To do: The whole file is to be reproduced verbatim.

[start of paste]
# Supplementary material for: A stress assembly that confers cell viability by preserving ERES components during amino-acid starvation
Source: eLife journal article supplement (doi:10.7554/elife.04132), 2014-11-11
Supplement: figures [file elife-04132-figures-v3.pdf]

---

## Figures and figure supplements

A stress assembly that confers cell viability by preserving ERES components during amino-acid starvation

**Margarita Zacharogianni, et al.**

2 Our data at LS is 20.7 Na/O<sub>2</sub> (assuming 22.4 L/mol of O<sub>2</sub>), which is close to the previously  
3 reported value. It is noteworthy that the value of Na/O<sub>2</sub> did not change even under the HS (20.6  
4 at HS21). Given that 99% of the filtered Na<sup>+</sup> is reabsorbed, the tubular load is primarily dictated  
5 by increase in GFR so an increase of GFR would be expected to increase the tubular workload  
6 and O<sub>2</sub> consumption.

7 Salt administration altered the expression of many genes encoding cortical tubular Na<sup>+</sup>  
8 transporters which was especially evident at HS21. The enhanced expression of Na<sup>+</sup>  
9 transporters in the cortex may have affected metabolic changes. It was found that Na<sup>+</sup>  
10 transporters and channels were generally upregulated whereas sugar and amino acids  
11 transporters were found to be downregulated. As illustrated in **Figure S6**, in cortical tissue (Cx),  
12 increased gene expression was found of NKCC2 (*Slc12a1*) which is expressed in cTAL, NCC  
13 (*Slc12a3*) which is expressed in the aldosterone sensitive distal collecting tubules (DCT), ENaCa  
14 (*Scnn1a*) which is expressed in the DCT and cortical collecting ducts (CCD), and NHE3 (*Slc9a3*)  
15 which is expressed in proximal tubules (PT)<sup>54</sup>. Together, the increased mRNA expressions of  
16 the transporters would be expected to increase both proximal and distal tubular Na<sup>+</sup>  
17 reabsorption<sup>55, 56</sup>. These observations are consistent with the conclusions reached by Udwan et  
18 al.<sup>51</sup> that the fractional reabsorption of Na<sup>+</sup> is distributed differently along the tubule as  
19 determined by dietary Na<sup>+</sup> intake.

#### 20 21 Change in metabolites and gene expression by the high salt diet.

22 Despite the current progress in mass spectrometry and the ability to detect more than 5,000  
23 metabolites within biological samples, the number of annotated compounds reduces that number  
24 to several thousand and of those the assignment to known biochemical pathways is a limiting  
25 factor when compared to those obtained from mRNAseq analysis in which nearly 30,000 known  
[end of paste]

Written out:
# Supplementary material for: A stress assembly that confers cell viability by preserving ERES components during amino-acid starvation
Source: eLife journal article supplement (doi:10.7554/elife.04132), 2014-11-11
Supplement: figures [file elife-04132-figures-v3.pdf]

---

## Figures and figure supplements

A stress assembly that confers cell viability by preserving ERES components during amino-acid starvation

**Margarita Zacharogianni, et al.**

2 Our data at LS is 20.7 Na/O<sub>2</sub> (assuming 22.4 L/mol of O<sub>2</sub>), which is close to the previously  
3 reported value. It is noteworthy that the value of Na/O<sub>2</sub> did not change even under the HS (20.6  
4 at HS21). Given that 99% of the filtered Na<sup>+</sup> is reabsorbed, the tubular load is primarily dictated  
5 by increase in GFR so an increase of GFR would be expected to increase the tubular workload  
6 and O<sub>2</sub> consumption.

7 Salt administration altered the expression of many genes encoding cortical tubular Na<sup>+</sup>  
8 transporters which was especially evident at HS21. The enhanced expression of Na<sup>+</sup>  
9 transporters in the cortex may have affected metabolic changes. It was found that Na<sup>+</sup>  
10 transporters and channels were generally upregulated whereas sugar and amino acids  
11 transporters were found to be downregulated. As illustrated in **Figure S6**, in cortical tissue (Cx),  
12 increased gene expression was found of NKCC2 (*Slc12a1*) which is expressed in cTAL, NCC  
13 (*Slc12a3*) which is expressed in the aldosterone sensitive distal collecting tubules (DCT), ENaCa  
14 (*Scnn1a*) which is expressed in the DCT and cortical collecting ducts (CCD), and NHE3 (*Slc9a3*)  
15 which is expressed in proximal tubules (PT)<sup>54</sup>. Together, the increased mRNA expressions of  
16 the transporters would be expected to increase both proximal and distal tubular Na<sup>+</sup>  
17 reabsorption<sup>55, 56</sup>. These observations are consistent with the conclusions reached by Udwan et  
18 al.<sup>51</sup> that the fractional reabsorption of Na<sup>+</sup> is distributed differently along the tubule as  
19 determined by dietary Na<sup>+</sup> intake.

#### 20 21 Change in metabolites and gene expression by the high salt diet.

22 Despite the current progress in mass spectrometry and the ability to detect more than 5,000  
23 metabolites within biological samples, the number of annotated compounds reduces that number  
24 to several thousand and of those the assignment to known biochemical pathways is a limiting  
25 factor when compared to those obtained from mRNAseq analysis in which nearly 30,000 known  